Google gets faster. But does it get better?When it comes to change and unexpected innovation, my default stance is one of stubborn resistance. For example, despite having been shown many enthusiastic demonstrations of how great iPhones are, until they cease to be anywhere near the forefront of consumer technology, I refuse to contemplate getting one. And if I did have one, it definitely wouldn’t have iOS4.
So when Google unveiled Google Instant, the most radical overhaul of its search interface ever, I really wanted to be thoroughly underwhelmed. As it turns out, I’m mightily impressed by the amount of clever work that’s gone into the new product but less sure about what it’s actually achieved.
Faster and smarter?
The new functionality was introduced on the Official Google Blog by Marissa Mayer, VP Search Products & User Experience, saying, “Google Instant is search-before-you-type. Instant takes what you have typed already, predicts the most likely completion and streams results in real-time for those predictions—yielding a smarter and faster search that is interactive, predictive and powerful.” Is this the case?
Instant search is undoubtedly fast. Indeed, much of the promotional material released by Google focuses on the issue of speed, as they claim that using Instant saves users between two to five seconds per search. The rate at which the results update is a technical marvel and seems sufficient to speed up at least some searches. The fact that there is no bar to simply searching in the time honoured way of completing a search query and clicking the Search button means that Instant really can’t be detrimental to search speed.
Is it smarter and more powerful? Well, much of the predictive “smartness” is based on the pre-existing functionality of the Google Suggest drop down box of autocompleted search queries. As for being more powerful, that’s entirely dependent on the relevance of the results to what the user is looking for. Instant has had no impact on Google’s ranking algorithm, so the results served for a given query are the same as ever. No change here then.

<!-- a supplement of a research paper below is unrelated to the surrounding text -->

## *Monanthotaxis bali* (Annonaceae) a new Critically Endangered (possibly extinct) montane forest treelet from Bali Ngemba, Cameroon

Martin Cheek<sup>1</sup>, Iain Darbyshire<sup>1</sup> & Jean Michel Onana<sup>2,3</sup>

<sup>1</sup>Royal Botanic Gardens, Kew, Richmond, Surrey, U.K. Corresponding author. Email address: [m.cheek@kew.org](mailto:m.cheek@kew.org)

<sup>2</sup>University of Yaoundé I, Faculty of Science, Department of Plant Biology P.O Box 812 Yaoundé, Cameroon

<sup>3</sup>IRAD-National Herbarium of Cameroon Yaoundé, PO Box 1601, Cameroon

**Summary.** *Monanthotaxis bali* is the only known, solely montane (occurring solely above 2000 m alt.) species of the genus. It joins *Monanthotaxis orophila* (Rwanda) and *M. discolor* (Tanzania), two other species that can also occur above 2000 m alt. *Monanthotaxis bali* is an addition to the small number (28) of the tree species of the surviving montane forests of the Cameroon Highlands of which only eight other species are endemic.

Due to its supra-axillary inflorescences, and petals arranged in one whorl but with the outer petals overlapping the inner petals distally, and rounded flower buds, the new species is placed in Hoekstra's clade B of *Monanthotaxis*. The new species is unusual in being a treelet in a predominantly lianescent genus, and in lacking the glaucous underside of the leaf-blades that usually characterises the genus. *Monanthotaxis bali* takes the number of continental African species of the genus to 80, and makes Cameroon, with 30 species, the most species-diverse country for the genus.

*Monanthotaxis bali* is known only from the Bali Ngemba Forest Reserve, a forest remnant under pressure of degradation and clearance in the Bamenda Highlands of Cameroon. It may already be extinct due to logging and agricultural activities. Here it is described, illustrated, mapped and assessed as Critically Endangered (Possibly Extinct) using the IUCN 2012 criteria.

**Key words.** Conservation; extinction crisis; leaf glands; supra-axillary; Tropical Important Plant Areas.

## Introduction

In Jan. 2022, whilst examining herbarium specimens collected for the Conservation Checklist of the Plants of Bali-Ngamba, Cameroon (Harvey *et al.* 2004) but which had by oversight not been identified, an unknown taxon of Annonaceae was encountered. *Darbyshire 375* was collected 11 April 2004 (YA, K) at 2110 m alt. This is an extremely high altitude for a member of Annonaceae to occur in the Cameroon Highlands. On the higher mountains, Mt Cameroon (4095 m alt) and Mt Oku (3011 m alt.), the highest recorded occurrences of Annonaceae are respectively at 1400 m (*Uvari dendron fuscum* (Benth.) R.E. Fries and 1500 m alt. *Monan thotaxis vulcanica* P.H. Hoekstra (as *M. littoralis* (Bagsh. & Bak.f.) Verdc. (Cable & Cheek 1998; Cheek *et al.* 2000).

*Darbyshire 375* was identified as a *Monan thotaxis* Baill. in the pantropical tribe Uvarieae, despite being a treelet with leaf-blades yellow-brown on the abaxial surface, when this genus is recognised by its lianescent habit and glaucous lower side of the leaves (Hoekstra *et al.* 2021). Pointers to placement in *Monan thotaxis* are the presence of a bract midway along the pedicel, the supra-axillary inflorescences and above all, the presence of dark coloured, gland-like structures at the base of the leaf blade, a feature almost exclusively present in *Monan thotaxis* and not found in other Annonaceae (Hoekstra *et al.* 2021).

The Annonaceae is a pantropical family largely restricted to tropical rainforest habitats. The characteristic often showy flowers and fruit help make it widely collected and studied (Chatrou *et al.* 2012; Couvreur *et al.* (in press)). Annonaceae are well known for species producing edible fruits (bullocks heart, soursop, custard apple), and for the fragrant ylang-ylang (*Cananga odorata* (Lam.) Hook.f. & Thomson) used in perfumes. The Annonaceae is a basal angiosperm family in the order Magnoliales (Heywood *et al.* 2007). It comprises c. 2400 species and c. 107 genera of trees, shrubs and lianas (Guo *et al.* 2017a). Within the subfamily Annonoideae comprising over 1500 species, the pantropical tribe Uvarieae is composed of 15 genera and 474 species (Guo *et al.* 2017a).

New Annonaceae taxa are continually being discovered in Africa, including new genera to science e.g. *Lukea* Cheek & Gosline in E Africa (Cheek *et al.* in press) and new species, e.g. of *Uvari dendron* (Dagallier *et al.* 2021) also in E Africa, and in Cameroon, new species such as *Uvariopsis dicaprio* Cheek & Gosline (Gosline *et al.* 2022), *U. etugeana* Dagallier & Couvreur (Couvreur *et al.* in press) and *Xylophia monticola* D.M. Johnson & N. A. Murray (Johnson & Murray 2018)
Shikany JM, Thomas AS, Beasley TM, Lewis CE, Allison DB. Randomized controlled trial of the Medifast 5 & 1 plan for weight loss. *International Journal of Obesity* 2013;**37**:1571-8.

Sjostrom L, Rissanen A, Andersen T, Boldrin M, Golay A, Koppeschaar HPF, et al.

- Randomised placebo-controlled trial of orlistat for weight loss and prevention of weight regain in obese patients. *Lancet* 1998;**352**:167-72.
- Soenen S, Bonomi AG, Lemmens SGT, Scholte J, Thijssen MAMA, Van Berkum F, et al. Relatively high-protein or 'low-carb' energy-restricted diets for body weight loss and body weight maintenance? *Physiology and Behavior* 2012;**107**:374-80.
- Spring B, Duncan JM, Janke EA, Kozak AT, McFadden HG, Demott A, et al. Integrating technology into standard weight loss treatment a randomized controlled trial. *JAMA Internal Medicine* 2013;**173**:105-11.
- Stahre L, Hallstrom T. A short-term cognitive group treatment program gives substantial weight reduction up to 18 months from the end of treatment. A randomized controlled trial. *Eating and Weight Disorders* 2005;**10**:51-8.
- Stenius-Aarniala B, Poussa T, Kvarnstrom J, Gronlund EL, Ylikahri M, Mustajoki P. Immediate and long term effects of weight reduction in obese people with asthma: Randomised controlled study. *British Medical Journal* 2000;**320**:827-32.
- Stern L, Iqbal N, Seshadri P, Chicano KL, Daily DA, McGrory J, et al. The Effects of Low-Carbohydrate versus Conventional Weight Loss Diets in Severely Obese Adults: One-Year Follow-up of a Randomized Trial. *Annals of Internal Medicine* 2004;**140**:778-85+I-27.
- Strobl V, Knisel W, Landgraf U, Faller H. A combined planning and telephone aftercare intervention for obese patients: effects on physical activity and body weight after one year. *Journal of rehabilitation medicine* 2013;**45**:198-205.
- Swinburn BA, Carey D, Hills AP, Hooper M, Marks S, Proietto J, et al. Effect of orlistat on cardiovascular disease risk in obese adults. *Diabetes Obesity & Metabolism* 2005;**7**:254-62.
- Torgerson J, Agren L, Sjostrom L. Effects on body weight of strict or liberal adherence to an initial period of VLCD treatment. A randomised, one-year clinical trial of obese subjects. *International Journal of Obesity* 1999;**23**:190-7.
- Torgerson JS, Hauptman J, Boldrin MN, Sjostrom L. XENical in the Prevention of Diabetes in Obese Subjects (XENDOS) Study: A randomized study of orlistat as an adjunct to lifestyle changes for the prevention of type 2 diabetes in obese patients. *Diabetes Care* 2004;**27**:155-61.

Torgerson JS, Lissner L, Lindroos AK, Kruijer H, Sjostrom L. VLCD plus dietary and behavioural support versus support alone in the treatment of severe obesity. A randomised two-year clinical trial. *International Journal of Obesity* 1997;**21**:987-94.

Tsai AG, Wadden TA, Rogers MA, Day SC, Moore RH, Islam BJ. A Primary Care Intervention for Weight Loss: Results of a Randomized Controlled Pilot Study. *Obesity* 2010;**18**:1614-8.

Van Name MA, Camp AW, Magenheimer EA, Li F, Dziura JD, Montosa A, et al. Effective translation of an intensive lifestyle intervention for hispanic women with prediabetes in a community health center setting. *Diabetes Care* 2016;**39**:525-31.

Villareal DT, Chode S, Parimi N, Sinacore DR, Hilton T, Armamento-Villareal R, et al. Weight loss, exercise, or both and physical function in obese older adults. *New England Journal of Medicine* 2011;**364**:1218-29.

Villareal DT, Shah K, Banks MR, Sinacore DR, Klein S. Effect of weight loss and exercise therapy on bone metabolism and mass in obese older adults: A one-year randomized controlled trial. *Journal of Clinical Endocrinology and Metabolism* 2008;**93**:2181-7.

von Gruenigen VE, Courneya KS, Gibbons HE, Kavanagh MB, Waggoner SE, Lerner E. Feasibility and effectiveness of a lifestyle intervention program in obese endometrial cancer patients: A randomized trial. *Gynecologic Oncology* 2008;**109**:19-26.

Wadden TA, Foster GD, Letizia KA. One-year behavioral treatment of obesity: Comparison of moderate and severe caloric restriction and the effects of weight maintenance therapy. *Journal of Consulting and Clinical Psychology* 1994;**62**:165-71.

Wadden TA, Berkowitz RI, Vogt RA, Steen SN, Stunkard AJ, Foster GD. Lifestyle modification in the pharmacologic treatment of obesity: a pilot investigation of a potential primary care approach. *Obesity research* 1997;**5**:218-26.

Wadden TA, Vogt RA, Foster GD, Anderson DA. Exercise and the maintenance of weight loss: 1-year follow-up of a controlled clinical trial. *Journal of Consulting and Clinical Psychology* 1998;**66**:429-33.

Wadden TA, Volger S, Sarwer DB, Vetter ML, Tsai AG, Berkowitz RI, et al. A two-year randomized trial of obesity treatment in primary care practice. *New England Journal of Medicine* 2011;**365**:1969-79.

Tying together the concepts of speed and relevance, some critics have pointed out that it really doesn’t matter how fast results are displayed if they aren’t what users are looking for. In the long run, relevance equals speed, so if relevance hasn’t been improved, neither has speed.
A threat to the long tail?
It strikes me that most of the interest around Google Instant has arisen, not because of any excitement over how it might improve user experience but because of a perception that it could cause search marketers a spot of bother.
A common worry among commentators seems to be that Google Instant will cut off the long tail of search (more specific search queries that usually generate the greatest ROI). The thought is that users will simply resort to using a smaller pool of shorter, generic search terms that Google suggests before what would have been a longer, more specific search term is completed. As a result, large, established and generic sites will benefit. Niche sites will lose out as long tail search volume dries up and they are unable to compete with the big boys for the high volume generic keywords in either organic or paid search.
I’m sceptical about this idea. For starters, it is currently available to users in the UK but only if they are signed in to a Google account, and even then it can be turned off. Instant will not be applicable to searchers who use a browser tool bar search box or to searches from an iGoogle homepage. So a lot of people will not even see Instant results.
Also, consider the existence of the verb “To Google”. Search has become entrenched as part of everyday life and search behaviour has become increasingly sophisticated, as year after year it has been shown that queries are getting longer. People know what they are looking for and know how to yield the right results from Google. Yet the diversity of search queries that I’ve seen made by the great British public never fails to astound me. Consequently, I think the long tail is safe.
The bottom line is that nobody, not even Google, really knows how Instant is going to affect search behaviour. As I’ve said above, search behaviour is massively diverse and the introduction of Google Instant just throws another variable into the mix. When it comes to search marketing, nothing much has changed – the key is still to identify trends, try out new things to capitalise on them, measure effectiveness and optimise accordingly.
In so far as the technical wizardry behind it has managed to impress even a Luddite like me, Instant is a marvellous demonstration of what the geeky bods at Google are capable of. However, I can’t see that, as it stands, it will revolutionise search, and it seems like just another way of keeping those same bods occupied.